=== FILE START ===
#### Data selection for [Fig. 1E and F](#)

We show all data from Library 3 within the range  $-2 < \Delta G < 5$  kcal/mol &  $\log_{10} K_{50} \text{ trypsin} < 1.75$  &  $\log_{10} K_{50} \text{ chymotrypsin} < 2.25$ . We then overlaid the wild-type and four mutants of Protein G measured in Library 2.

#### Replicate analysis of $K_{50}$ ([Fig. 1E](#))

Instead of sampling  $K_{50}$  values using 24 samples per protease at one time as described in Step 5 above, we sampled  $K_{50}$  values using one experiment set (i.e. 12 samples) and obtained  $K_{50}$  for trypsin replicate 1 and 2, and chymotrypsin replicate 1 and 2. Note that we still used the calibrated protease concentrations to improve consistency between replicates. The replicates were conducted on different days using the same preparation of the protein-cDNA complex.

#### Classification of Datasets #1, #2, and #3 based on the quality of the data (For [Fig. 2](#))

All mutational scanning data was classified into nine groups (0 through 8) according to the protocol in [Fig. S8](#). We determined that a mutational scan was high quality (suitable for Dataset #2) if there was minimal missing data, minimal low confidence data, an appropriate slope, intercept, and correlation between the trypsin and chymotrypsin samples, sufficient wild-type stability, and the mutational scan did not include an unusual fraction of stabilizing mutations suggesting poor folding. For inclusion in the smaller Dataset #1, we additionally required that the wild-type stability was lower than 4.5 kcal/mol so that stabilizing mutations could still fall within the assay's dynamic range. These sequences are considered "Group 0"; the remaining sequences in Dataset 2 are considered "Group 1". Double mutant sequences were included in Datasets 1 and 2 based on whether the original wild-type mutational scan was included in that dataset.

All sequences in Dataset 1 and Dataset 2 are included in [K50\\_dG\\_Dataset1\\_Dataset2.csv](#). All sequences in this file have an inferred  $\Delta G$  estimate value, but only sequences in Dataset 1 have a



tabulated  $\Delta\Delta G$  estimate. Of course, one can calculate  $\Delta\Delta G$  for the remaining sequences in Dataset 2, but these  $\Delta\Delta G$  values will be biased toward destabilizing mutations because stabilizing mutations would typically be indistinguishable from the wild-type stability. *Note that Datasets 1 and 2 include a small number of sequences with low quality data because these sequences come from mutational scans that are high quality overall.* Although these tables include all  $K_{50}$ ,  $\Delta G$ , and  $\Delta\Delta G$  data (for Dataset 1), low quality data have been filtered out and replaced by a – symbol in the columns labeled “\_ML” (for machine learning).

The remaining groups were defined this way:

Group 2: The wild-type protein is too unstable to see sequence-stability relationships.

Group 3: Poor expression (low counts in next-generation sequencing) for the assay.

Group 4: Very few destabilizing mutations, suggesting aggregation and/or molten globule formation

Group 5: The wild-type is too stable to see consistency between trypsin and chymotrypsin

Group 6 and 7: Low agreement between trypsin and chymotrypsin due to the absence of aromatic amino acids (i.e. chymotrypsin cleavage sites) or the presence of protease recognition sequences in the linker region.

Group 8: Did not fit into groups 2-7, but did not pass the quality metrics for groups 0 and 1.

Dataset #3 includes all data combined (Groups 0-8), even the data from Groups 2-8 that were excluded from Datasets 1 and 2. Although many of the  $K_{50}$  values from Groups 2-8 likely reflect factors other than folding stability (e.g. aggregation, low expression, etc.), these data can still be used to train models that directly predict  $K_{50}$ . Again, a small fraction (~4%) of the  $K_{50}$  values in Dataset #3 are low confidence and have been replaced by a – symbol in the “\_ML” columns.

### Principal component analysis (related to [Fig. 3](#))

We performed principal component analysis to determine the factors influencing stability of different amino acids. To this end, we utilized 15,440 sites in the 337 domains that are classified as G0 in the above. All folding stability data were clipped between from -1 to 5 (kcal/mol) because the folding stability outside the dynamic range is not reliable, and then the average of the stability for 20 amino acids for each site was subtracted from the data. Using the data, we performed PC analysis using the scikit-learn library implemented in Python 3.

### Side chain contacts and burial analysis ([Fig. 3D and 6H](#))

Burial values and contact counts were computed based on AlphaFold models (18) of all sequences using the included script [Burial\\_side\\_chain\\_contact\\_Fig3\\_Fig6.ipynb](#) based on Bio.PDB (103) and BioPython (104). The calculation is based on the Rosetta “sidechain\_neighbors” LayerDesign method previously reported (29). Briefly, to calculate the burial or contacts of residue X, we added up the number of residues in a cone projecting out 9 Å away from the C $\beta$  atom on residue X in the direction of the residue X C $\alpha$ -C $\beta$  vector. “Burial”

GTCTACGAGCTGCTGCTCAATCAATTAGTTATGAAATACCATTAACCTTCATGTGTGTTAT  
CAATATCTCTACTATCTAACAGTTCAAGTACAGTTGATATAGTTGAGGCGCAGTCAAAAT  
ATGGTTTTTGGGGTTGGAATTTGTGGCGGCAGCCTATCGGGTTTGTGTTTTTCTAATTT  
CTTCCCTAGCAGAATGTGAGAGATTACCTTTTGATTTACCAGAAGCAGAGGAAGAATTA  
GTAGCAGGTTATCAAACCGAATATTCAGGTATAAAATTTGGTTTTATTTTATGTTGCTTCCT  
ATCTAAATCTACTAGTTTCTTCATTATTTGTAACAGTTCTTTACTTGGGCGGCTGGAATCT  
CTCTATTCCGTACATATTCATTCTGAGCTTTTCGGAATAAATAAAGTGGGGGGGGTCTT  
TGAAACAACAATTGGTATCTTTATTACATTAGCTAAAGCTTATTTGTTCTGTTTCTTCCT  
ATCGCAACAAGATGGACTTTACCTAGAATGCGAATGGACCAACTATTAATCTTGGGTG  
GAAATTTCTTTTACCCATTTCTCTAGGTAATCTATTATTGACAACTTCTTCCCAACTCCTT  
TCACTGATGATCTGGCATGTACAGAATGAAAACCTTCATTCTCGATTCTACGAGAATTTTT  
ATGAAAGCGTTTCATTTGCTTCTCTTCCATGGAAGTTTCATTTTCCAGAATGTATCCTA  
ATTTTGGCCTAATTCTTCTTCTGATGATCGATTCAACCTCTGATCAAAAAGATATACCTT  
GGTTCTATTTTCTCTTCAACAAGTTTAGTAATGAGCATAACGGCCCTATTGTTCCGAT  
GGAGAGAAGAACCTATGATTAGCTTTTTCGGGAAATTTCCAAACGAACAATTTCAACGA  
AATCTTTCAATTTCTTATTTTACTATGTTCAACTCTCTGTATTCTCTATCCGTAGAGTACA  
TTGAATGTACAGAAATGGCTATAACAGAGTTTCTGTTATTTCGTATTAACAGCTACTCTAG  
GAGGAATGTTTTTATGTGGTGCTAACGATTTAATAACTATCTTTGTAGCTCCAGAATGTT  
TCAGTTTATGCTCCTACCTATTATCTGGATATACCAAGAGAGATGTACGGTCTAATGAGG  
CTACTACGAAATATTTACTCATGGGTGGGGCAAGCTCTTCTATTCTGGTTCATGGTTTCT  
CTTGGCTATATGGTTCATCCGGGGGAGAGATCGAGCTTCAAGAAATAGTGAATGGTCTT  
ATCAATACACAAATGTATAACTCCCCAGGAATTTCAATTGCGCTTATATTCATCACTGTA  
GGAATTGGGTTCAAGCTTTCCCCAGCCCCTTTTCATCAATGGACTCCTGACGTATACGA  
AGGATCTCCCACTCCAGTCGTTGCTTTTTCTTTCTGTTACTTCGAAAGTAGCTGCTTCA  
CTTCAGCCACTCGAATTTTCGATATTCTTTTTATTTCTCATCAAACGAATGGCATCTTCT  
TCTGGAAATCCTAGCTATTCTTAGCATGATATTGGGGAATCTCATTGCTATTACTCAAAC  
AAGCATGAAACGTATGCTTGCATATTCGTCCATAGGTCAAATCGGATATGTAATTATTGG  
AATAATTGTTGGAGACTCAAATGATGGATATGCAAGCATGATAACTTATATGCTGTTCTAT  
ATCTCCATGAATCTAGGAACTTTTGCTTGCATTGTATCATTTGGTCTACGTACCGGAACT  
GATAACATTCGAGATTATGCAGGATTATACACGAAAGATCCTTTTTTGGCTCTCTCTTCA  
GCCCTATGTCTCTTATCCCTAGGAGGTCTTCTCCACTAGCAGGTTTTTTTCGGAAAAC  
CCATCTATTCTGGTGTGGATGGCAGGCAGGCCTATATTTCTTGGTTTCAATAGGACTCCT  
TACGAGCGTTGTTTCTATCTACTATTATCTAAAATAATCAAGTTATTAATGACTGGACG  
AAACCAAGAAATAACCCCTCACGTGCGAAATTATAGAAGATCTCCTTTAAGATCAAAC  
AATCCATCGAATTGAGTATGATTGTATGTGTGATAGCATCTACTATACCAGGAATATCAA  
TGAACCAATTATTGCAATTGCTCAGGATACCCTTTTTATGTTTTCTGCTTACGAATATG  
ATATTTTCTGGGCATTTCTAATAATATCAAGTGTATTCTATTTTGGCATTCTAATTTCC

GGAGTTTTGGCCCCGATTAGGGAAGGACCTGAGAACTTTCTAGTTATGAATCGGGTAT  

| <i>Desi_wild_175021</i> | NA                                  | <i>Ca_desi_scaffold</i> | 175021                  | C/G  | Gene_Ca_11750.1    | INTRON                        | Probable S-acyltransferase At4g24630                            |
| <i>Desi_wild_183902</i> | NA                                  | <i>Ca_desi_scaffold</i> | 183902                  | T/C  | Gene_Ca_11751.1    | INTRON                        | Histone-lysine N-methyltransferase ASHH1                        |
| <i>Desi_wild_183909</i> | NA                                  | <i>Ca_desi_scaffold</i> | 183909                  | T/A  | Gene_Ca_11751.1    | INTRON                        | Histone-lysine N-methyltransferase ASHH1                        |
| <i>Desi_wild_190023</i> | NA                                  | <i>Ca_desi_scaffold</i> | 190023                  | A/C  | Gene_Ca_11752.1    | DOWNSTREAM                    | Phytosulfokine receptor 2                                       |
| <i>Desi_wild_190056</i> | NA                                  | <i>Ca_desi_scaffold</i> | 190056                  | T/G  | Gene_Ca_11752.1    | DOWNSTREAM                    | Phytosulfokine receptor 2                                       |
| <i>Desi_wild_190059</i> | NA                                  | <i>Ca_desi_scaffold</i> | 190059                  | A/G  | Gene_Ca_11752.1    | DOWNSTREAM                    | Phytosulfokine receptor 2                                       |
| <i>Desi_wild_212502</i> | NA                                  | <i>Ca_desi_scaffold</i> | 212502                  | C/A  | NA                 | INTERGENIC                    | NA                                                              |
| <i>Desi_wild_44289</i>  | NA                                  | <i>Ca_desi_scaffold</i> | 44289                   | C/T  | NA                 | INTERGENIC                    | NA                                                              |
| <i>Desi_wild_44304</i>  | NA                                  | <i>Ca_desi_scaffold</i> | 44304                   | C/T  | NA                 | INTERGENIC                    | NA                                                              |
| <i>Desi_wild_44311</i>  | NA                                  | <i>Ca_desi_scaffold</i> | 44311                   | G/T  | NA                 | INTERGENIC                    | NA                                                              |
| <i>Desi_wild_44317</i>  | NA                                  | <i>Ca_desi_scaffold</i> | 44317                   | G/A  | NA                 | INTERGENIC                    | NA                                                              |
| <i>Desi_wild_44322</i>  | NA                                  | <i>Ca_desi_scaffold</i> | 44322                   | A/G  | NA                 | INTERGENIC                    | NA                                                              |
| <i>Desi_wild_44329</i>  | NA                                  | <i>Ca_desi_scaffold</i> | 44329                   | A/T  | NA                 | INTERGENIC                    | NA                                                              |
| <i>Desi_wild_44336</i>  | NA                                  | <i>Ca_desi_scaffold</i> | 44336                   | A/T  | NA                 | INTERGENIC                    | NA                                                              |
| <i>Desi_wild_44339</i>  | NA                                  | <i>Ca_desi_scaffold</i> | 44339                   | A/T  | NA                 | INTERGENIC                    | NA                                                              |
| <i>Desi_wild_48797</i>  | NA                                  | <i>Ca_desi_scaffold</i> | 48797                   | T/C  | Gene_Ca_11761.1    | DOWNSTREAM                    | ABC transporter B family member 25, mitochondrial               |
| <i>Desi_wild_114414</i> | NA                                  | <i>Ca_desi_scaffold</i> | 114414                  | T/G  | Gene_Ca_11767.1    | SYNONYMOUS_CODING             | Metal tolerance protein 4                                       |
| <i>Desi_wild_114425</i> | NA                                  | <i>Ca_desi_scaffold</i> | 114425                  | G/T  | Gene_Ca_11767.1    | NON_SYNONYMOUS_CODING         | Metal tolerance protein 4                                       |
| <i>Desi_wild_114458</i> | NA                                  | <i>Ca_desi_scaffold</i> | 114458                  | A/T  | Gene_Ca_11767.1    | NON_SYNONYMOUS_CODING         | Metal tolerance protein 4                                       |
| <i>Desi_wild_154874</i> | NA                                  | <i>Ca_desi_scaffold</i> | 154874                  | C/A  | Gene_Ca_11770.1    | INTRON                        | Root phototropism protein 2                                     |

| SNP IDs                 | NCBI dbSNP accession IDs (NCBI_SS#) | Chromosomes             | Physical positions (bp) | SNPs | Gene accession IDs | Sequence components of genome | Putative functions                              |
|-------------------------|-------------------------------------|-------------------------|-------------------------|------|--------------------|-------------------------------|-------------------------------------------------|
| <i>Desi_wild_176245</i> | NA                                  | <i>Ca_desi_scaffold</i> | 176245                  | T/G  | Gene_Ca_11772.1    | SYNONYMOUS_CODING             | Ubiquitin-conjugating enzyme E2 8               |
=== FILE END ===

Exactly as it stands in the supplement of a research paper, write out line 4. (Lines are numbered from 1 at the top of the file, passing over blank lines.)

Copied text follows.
Instead of sampling  $K_{50}$  values using 24 samples per protease at one time as described in Step 5 above, we sampled  $K_{50}$  values using one experiment set (i.e. 12 samples) and obtained  $K_{50}$  for trypsin replicate 1 and 2, and chymotrypsin replicate 1 and 2. Note that we still used the calibrated protease concentrations to improve consistency between replicates. The replicates were conducted on different days using the same preparation of the protein-cDNA complex.